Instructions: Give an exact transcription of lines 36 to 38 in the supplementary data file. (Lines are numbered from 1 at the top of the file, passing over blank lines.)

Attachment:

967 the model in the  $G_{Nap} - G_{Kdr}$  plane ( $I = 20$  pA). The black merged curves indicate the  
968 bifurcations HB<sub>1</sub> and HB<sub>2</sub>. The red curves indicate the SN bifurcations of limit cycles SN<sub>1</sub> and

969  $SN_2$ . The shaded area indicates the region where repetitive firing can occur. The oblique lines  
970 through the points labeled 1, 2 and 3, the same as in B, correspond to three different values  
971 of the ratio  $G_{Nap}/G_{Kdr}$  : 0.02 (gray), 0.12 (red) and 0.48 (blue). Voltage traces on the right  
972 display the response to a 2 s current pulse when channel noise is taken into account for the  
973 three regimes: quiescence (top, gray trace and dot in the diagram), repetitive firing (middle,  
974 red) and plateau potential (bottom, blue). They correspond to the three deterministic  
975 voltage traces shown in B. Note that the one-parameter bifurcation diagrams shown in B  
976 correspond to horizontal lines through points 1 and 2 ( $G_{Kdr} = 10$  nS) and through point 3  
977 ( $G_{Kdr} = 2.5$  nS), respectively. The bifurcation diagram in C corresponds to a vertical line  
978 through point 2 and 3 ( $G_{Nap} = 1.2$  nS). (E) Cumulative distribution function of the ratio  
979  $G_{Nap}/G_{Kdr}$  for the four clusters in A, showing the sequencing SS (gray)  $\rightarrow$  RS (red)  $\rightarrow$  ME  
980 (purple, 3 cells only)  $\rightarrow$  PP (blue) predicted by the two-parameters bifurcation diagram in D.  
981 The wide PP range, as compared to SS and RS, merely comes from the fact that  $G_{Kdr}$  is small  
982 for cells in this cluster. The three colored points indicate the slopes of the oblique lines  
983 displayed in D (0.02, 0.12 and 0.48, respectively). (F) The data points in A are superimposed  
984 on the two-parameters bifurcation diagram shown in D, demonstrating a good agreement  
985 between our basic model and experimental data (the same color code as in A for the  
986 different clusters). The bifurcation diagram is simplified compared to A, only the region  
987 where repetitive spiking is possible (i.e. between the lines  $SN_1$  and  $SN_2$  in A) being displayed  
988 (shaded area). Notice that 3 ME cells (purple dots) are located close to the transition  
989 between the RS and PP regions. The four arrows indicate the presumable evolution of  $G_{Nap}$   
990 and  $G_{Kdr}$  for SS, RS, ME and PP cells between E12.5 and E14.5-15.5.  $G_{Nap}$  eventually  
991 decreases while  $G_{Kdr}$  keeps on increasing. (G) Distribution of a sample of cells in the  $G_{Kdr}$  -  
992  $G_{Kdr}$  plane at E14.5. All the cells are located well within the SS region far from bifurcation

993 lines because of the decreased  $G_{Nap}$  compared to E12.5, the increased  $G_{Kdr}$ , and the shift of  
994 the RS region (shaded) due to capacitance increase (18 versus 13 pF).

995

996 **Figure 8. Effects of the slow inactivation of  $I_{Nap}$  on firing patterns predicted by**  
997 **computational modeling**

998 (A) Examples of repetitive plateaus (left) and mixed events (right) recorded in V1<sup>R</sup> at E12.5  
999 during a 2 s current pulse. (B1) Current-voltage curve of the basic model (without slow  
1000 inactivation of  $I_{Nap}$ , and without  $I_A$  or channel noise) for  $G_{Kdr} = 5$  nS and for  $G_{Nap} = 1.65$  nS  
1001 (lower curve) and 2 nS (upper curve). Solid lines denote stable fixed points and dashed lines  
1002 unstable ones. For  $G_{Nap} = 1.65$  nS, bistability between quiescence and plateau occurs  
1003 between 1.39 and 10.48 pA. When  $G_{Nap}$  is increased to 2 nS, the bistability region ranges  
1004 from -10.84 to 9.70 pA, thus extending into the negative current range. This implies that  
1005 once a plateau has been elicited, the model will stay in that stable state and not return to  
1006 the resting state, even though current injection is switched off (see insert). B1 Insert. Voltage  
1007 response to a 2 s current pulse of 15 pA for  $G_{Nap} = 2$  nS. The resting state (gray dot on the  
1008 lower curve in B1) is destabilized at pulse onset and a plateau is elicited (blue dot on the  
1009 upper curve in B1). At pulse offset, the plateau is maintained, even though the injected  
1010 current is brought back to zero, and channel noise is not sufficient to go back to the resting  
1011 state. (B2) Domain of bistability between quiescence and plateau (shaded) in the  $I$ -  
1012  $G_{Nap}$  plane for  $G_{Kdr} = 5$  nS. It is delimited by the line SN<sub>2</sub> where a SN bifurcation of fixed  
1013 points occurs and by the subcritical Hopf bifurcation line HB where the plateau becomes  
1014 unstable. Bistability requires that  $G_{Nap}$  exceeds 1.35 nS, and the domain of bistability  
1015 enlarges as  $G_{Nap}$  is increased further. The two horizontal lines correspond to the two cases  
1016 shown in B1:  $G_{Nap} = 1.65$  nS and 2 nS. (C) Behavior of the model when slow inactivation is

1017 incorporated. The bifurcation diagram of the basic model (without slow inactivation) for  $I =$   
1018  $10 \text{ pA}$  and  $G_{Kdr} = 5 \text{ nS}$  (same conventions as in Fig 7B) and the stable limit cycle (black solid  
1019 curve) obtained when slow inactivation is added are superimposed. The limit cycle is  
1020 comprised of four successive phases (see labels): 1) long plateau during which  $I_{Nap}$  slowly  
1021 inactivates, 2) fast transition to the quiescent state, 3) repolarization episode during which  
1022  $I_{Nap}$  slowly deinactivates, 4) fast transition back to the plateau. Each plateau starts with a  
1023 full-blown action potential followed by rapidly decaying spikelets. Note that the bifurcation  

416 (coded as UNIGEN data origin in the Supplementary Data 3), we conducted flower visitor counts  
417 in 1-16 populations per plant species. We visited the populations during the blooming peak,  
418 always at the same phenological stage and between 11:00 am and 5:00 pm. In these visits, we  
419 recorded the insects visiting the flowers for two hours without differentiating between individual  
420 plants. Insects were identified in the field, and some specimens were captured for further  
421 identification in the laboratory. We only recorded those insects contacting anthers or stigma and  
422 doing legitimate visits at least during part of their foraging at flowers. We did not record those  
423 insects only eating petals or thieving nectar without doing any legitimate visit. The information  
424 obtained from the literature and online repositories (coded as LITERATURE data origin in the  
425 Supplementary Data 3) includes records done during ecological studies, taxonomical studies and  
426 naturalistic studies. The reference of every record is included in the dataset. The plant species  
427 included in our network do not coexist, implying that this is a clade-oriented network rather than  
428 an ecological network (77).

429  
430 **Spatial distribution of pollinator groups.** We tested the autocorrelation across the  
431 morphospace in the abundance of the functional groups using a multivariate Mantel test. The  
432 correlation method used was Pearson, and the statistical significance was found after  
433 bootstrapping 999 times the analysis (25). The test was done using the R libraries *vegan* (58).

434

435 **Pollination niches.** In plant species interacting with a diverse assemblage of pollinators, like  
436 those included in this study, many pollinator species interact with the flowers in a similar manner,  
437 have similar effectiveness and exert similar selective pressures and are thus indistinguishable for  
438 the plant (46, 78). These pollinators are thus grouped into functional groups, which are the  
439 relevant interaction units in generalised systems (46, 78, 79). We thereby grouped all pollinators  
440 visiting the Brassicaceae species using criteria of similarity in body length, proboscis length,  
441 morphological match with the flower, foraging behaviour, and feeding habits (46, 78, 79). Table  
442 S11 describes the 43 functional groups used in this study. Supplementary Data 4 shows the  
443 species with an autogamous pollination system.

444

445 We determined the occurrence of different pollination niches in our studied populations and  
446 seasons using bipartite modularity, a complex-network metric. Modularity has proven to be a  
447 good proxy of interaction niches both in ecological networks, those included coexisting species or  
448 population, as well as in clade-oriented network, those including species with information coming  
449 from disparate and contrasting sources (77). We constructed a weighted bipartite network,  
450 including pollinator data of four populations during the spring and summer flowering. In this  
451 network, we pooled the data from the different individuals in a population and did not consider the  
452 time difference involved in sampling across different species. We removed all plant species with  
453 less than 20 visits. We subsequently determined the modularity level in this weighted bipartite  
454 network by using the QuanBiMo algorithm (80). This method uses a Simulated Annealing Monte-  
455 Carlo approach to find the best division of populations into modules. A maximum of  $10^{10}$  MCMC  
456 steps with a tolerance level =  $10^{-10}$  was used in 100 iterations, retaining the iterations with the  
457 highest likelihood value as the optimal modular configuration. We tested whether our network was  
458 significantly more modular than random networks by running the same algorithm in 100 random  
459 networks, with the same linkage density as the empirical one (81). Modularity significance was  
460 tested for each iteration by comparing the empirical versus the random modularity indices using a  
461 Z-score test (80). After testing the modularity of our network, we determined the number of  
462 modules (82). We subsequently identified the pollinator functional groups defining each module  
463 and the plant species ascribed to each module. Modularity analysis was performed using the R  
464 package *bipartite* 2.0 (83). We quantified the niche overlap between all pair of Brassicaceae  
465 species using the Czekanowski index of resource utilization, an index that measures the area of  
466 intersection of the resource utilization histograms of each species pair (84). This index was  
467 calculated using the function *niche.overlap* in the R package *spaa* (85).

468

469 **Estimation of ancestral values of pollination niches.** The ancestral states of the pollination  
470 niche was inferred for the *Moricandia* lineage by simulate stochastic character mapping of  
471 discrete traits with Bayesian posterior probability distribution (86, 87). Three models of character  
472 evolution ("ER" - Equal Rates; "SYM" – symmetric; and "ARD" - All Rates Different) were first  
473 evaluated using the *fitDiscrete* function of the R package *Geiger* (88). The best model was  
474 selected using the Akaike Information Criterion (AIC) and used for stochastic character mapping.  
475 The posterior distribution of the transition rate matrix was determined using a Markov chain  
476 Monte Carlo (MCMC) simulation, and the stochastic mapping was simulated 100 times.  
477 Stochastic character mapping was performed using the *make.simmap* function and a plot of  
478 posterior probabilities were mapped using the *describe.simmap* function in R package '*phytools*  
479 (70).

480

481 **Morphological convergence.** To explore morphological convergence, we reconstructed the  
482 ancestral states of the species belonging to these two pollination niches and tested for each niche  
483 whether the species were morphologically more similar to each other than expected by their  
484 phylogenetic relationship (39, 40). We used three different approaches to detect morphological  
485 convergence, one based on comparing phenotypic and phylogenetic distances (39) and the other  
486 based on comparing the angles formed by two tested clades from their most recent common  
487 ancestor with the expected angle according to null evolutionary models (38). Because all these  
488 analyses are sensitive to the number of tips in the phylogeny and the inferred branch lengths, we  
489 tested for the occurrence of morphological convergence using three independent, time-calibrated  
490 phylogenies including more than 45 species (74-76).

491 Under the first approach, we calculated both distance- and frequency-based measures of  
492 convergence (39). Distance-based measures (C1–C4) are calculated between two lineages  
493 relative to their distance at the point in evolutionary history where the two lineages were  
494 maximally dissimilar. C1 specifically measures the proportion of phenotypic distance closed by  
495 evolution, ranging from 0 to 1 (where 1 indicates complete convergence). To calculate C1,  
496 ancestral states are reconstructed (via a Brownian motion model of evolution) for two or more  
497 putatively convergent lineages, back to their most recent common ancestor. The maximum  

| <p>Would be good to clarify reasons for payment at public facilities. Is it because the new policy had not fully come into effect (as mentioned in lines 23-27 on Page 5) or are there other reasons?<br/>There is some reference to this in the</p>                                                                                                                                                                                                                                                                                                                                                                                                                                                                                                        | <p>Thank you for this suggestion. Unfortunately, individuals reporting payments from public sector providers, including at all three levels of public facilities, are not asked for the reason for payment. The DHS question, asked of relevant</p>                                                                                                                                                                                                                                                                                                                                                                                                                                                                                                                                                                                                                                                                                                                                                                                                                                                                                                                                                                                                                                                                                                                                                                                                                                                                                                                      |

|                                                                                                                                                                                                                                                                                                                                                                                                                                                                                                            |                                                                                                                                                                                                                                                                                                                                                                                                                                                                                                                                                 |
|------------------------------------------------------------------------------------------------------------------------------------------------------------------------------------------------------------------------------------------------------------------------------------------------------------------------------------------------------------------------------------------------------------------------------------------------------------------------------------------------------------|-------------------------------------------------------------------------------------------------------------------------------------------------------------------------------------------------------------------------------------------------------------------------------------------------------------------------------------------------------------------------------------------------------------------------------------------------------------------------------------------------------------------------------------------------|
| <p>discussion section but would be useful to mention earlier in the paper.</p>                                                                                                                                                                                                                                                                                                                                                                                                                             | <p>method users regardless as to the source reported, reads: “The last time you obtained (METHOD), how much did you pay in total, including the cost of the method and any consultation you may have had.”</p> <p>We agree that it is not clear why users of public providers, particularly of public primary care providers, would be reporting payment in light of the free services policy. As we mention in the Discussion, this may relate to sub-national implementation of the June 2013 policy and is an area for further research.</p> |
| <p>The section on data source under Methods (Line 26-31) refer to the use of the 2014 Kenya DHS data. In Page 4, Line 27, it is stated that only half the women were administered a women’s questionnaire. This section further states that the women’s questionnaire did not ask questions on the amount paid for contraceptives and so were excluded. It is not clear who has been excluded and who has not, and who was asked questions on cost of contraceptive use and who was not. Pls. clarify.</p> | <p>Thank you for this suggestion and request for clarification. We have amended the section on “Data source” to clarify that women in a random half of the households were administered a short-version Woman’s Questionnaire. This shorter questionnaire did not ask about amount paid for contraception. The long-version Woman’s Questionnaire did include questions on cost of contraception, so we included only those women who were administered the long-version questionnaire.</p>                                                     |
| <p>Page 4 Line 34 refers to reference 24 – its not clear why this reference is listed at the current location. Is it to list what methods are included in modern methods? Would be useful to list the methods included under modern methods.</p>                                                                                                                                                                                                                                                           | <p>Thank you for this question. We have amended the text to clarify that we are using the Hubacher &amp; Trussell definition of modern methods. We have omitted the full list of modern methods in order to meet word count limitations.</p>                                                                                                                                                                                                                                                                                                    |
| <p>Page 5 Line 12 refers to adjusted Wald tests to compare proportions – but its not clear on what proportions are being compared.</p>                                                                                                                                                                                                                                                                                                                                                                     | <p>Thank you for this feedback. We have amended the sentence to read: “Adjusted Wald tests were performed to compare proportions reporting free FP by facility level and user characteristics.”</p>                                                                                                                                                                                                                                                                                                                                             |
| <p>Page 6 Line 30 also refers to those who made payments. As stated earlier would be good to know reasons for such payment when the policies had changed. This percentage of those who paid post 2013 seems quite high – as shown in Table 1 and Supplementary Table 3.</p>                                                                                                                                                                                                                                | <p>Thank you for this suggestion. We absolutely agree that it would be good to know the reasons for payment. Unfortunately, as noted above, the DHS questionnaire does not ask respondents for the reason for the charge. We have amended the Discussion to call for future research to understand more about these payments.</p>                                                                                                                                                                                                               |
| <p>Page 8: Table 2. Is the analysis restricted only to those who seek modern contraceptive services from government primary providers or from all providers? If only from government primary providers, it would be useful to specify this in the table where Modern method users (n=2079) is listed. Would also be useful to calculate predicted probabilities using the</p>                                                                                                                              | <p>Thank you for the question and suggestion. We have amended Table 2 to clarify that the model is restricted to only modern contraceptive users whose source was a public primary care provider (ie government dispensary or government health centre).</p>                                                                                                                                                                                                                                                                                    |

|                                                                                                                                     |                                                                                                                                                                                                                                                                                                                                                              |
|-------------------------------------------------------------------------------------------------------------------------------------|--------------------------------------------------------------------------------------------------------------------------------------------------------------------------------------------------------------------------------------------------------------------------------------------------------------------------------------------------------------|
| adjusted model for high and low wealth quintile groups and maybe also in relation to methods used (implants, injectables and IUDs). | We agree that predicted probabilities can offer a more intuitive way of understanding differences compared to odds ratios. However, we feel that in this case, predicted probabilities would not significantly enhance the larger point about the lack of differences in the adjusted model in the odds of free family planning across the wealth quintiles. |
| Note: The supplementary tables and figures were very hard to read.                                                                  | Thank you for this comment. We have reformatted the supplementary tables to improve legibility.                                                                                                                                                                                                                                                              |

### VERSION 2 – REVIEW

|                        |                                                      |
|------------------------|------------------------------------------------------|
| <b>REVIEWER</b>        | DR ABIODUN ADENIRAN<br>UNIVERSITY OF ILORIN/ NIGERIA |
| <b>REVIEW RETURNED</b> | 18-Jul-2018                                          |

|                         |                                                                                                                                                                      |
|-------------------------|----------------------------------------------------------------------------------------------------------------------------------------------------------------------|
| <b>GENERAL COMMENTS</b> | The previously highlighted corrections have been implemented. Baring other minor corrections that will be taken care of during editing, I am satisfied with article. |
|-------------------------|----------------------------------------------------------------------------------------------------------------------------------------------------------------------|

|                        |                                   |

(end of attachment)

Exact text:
1002 unstable ones. For  $G_{Nap} = 1.65$  nS, bistability between quiescence and plateau occurs  
1003 between 1.39 and 10.48 pA. When  $G_{Nap}$  is increased to 2 nS, the bistability region ranges  
1004 from -10.84 to 9.70 pA, thus extending into the negative current range. This implies that  